The three F’s of Treaty of Waitangi settlements


Kia Ora

As we approach the anniversary of New Zealand’s foundation as a British colony it is important to understand the nature of the Treaty of Waitangi grievances, the settlement process that is underway, the reasons for their lengthy duration and the significance of Te Tiriti O Waitangi. To the untrained eye it might seem that the negotiations and the settlements are never ending, but many of the larger settlements have now been achieved and it is perhaps realistic to put an end date on the proceedings.

To the critic the money and resources being poured into completing the settlements seem wasteful, but there are very good reasons for the thoroughness. The criticisms have come from across the political and social spectrum with politicians such as Winston Peters and parties such as A.C.T. using the issue to gain leverage in election campaigns. They have generally voiced the concern that the Treaty is a gravy train and that settlements are taking too much time and resources. At the other end of the critic range, there are Maori activists, such as Titewhai Harawira and her son, former Maori and Mana Party Member of Parliament, Hone Harawira. These activists say that the settlement process is not thorough enough and that the scope of the compensation is inadequate for the grievances being claimed.

There are also three key criteria I think every settlement needs to achieve in order for the settlements and the process used to negotiate them to be proper. I call the principles the three F’s. In the public eye, assuming They are the cornerstone principles on which the entire process of settling grievances has been set.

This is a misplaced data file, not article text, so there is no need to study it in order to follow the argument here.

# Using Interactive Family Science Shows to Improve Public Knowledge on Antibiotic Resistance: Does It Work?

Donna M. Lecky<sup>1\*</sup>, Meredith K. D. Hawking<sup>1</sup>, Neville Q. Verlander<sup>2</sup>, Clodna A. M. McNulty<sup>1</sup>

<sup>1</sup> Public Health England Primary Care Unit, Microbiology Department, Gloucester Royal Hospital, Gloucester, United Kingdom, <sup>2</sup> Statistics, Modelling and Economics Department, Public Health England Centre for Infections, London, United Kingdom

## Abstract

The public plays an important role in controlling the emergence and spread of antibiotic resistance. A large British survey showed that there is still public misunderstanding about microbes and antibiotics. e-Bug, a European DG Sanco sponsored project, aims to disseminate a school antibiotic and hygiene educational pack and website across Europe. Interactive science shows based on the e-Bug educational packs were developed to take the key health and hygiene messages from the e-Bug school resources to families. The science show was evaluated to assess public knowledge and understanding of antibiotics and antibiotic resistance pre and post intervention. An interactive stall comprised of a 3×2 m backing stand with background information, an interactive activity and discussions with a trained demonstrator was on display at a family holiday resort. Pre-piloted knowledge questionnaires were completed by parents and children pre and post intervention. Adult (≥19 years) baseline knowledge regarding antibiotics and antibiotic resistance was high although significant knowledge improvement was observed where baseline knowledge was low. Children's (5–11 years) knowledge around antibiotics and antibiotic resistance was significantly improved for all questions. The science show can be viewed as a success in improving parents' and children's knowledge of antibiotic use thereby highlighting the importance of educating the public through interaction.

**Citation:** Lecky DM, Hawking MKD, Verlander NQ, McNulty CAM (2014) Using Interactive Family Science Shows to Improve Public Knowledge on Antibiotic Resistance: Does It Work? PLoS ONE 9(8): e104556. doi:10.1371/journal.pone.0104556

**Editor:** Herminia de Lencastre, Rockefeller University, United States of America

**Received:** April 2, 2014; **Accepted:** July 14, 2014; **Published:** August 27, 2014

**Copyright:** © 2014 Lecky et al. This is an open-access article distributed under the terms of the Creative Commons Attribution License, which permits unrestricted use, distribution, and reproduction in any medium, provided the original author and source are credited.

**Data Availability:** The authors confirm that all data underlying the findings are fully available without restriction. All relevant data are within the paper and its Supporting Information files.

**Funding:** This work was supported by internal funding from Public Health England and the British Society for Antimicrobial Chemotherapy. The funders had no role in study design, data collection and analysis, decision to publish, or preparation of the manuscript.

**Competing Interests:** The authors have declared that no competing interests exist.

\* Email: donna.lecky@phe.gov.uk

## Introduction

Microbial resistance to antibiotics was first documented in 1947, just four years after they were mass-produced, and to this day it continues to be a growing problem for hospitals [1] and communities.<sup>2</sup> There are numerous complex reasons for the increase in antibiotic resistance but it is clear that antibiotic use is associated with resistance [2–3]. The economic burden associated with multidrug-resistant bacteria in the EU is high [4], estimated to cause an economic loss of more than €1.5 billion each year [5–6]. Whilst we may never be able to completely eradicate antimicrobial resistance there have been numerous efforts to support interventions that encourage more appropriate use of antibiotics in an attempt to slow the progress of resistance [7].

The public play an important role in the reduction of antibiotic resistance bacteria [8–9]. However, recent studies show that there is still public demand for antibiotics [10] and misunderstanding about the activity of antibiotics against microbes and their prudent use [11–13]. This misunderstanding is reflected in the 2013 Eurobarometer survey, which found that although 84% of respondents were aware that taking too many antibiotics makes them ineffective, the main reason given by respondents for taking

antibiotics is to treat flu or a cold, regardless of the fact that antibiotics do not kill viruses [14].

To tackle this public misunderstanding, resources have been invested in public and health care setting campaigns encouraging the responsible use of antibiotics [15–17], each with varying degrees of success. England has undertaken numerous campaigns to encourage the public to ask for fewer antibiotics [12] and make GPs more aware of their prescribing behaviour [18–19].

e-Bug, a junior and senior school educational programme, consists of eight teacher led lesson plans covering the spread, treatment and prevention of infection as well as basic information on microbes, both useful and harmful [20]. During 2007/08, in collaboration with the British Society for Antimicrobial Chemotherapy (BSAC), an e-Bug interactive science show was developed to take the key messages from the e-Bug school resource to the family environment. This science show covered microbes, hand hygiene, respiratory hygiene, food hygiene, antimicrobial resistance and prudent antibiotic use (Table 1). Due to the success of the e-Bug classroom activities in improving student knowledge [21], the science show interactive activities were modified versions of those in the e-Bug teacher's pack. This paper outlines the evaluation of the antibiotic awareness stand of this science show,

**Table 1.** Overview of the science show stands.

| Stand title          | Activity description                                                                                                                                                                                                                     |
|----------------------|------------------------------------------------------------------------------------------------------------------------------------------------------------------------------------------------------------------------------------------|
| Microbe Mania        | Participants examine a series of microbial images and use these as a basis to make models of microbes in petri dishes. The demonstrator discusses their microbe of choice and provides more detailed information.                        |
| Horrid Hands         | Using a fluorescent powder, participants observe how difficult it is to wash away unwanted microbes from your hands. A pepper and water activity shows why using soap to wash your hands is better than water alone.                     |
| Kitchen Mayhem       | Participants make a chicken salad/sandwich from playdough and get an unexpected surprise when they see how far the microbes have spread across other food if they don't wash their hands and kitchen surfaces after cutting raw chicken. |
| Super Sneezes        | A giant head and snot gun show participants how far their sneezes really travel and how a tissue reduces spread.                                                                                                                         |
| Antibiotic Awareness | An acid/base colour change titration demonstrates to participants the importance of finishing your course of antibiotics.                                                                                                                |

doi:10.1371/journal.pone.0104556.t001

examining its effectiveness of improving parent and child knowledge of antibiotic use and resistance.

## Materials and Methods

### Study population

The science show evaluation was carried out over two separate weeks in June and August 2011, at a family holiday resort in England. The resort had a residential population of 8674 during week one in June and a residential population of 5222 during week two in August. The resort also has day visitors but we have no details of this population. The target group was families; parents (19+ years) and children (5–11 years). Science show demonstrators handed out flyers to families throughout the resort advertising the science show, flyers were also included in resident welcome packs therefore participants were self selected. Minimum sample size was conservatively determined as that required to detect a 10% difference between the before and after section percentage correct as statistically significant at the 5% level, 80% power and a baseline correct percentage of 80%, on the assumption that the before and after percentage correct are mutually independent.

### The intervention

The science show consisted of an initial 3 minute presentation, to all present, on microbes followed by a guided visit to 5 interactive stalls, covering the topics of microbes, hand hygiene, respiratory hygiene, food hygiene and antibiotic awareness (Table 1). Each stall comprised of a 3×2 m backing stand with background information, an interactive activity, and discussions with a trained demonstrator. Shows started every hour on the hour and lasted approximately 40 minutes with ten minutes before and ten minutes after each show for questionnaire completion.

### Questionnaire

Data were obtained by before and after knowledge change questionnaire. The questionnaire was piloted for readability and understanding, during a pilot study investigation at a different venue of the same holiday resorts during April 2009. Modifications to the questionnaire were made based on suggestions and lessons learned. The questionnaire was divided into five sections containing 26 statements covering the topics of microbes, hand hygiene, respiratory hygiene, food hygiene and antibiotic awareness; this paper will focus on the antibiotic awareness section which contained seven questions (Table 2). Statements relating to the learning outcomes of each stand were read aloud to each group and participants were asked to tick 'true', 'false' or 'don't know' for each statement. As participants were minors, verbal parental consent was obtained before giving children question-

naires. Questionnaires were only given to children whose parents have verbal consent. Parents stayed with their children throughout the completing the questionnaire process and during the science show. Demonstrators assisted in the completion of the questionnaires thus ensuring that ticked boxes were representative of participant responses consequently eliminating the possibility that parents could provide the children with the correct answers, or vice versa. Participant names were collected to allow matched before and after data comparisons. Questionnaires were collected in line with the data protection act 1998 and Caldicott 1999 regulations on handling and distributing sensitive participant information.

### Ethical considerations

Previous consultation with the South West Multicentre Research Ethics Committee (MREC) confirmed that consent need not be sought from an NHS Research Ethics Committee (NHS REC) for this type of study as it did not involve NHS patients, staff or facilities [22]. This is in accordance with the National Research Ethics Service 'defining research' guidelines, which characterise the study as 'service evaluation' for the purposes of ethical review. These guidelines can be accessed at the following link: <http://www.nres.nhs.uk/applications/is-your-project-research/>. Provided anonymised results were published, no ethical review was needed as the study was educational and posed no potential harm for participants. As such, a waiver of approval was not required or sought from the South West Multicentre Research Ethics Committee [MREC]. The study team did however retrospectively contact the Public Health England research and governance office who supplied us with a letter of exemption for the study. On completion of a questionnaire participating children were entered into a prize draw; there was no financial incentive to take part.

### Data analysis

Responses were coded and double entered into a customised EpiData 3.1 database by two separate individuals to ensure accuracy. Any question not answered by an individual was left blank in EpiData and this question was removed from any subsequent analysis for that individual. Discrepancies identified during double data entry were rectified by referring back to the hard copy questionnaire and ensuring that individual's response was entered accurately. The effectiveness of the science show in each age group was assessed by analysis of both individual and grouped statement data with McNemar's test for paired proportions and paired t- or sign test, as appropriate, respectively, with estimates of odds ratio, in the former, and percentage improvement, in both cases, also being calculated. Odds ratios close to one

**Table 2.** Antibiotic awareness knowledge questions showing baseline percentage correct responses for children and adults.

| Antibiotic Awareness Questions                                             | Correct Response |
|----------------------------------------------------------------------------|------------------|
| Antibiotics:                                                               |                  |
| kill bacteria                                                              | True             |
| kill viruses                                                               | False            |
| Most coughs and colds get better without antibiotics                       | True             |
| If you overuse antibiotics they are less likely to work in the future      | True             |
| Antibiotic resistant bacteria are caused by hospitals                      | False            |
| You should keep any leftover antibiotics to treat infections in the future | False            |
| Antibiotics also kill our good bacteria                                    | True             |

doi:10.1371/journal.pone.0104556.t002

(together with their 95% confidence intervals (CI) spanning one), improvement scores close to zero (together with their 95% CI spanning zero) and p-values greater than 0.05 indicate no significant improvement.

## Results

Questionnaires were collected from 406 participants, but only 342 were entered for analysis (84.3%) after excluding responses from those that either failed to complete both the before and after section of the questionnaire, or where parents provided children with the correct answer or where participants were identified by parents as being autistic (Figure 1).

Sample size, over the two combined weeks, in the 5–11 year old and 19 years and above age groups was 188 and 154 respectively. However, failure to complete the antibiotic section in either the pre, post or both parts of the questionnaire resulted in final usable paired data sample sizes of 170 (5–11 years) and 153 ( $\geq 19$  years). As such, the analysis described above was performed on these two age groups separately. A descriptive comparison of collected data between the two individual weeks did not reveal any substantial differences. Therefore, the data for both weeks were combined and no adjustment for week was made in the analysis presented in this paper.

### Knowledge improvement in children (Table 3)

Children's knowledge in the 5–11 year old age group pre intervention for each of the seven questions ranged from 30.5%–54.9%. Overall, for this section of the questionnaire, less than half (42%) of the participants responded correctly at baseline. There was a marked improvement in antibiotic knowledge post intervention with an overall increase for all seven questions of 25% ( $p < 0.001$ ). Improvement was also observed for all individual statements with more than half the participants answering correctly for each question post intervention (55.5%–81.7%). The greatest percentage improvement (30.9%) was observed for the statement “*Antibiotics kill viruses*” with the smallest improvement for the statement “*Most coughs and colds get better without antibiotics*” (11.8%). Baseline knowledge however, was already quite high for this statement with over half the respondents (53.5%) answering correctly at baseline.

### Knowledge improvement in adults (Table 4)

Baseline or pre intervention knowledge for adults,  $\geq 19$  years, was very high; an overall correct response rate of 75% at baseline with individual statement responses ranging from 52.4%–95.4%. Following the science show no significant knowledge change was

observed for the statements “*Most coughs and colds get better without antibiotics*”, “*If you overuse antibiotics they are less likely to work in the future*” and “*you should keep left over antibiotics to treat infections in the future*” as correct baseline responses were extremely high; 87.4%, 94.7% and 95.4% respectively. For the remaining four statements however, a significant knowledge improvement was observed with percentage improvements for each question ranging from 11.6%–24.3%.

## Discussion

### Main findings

The three F’s are:

FULL: This is twofold. First a T.o.W. settlement must have dealt with, even if it does not ultimately provide for, all aspects of a claim. That means the Waitangi Tribunal must have entered into official dialogue with the claimants regarding all aspects and reached a resolution on whether or not compensation is appropriate.

FAIR: This might seem obvious. Without this, one party or the other has a right be feeling aggrieved, which can prolong the negotiations, possibly make the actual act of reaching an agreement harder. To achieve this requirement, each settlement between the Crown and Iwi or Hapu will have presumably laid down the scope of the issues being negotiated

FINAL: When the word final is used in this context, it not only suggests that the parties agree that not only are the issues that have been discussed resolved, but that there are no other major outstanding issues to be resolved.

Since 1990, both National and Labour led Governments have made substantial inroads into the Treaty settlement process. Ngai Tahu, whose ancestral lands cover most of the South Island achieved a settlement with the National led Government of Jim Bolger. Ngati Porou, whose lands cover East Cape, Gisborne and Tuhoe whose ancestral lands include Urewera National Park have all been settled. It is realistic to believe that settlement negotiations will be wound up in the next 10-15 years.

Then perhaps Aotearoa New Zealand can move forward as one.

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